Social and Stacked Living
Social and Stacked Living
Reynaers Aluminium, Vectorworks, Wienerberger, Gealan, Makzz, Mastersystems
Domien Boits, Bram Van Bouwel, Ine Heynen, Vladdi Theuns
TECHNICAL SERVICES ENGINEER
Jessy Van Der Werff
Located near the center of Diksmuide, two sturdy blocks emphasize the entrance to the ‘Tuinwijk’ subdivision project. According to the local authorities, this is the last of the city’s infill projects, one on a largely undeveloped site adjacent to an existing green, garden neighborhood.
The new subdivision consists of a traditional ensemble of (half)open and closed buildings: two-story houses with side and front gardens where cars are parked.
The first houses built in the neighborhood reveal a streetscape dominated by cars, carports, and garage doors, spread out along the new streets.
The two social housing volumes, totaling 22 apartments, common bicycle parking, car park, and carport, take a radically different approach to the question of housing demand.
The apartments are very compactly stacked. This allows open space to be created between the buildings, which becomes public domain despite the relatively small plot size.
This urban square on the western side of the subdivision completes two other public zones located in the central and eastern parts of the neighborhood.
Each residential unit extends over several facades with beautiful views and has a spacious, sunny, private outdoor space.
Although many apartments have the same layout, the clever window compositions are not repetitive. So not only is every apartment different, but the facades are also freer, less disciplined, and not a literal interpretation of the interior layout.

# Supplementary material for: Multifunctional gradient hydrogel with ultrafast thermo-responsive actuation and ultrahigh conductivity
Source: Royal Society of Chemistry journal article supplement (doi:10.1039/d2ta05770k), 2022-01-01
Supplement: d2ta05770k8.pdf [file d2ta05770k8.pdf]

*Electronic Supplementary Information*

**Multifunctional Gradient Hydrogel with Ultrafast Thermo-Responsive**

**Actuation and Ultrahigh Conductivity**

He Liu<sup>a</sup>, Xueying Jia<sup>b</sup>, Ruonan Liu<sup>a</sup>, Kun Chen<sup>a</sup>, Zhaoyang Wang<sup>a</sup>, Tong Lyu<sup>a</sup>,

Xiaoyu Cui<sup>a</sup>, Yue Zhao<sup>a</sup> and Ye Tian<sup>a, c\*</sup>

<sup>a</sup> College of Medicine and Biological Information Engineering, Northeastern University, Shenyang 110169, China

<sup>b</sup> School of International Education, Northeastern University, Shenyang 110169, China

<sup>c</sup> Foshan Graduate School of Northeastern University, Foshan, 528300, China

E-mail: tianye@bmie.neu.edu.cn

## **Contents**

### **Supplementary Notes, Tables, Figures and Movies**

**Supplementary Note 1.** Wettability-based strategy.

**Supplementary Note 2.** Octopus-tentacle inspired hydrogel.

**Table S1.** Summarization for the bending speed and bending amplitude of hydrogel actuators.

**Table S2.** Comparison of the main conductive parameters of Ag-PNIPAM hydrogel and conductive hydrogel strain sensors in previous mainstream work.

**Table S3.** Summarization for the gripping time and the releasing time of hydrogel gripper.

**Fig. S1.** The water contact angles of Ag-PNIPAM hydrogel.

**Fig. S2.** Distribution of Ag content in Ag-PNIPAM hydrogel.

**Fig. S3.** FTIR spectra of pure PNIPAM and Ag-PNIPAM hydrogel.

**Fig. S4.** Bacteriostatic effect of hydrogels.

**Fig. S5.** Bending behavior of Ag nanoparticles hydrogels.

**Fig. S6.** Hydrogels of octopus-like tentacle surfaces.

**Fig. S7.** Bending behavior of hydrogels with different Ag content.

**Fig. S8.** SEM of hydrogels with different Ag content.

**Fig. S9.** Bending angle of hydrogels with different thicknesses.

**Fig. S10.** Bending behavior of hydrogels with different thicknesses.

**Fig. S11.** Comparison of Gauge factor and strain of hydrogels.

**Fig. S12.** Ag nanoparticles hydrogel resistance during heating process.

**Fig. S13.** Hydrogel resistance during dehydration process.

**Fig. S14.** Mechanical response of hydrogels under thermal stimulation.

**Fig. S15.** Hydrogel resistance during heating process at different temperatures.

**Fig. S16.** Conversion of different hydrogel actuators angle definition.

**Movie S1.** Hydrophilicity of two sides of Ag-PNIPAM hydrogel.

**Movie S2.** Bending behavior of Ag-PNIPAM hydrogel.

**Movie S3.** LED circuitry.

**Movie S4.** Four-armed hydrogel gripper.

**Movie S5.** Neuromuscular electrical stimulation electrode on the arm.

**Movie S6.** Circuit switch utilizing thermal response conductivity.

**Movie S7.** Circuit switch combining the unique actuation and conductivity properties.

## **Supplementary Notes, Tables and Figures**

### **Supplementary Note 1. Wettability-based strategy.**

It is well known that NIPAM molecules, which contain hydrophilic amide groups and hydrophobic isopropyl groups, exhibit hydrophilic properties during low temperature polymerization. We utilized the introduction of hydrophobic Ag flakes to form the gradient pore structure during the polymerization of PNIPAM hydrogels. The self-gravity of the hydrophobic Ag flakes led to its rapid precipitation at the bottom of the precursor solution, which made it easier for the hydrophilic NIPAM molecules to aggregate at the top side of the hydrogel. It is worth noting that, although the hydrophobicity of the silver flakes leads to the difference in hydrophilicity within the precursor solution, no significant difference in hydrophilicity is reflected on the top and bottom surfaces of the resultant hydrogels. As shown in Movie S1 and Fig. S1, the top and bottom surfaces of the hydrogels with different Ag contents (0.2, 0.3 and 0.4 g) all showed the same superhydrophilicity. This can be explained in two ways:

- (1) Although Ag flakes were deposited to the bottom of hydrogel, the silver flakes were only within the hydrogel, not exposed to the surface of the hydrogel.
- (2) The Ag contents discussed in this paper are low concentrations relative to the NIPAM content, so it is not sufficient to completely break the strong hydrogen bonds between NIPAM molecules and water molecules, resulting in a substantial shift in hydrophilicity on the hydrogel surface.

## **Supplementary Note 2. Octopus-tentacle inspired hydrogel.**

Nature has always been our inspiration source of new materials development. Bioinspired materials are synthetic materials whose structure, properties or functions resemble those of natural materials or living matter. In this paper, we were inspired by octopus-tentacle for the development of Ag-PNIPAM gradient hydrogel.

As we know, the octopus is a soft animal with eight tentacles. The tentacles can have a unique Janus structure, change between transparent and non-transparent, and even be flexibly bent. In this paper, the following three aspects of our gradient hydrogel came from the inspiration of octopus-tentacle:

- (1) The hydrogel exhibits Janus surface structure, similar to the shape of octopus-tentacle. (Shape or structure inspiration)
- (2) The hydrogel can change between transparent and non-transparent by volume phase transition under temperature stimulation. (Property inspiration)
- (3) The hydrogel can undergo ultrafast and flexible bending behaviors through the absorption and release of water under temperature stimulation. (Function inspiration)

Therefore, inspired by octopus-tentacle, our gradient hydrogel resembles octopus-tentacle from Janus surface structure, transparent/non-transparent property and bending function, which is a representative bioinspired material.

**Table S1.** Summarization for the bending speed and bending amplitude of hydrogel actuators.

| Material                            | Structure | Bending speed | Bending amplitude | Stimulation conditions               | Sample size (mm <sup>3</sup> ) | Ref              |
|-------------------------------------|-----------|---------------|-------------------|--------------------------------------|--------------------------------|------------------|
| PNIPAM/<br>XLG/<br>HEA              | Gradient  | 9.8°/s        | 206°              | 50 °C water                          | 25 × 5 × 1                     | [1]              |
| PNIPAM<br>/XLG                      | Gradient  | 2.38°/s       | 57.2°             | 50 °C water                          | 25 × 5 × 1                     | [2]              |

The brickwork of the facades is defined by their contours; a stretcher bond for the facades with flat roofs and a raking stretcher bond where the roof edge is angled.
Both entrances intersect the building volume and are emphasized by pigeon blue window joinery, through which the stairwell becomes visible – one that is executed in the same materials as the balconies with balustrades.
Inside, red-brown accents combined with wooden finishes lend warmth to the living spaces.
The brick volumes rest on a concrete plinth, behind which the bicycle and car parking spaces are located. An important aspect of the design is the integration of bikes and cars into the building.
How can we remove the car from the streetscape in the most well-considered way possible, without creating a dead space? Circular openings in the prefab concrete arouse curiosity in those passing by and allow interaction between them and the residents.
Dynamism and liveliness are created between private and public. It is an interesting exploration of how we can meet the need for parking and remove the cars from the streetscape in an original manner, without it being an excavated hole or an enclosed space. No blind walls, but a permeable boundary between public and private.
Structurally, the project was a challenge: the buildings are supported by pile foundations, whereby a prior bomb detection took place for all 120 piles as the site was full of explosives from World War I.
Through this project, we touch on a number of important themes such as social housing, compact and affordable living, scarcity of building sites, the interaction between public and private spaces, and the issue of parking, all of which give the project an important social relevance.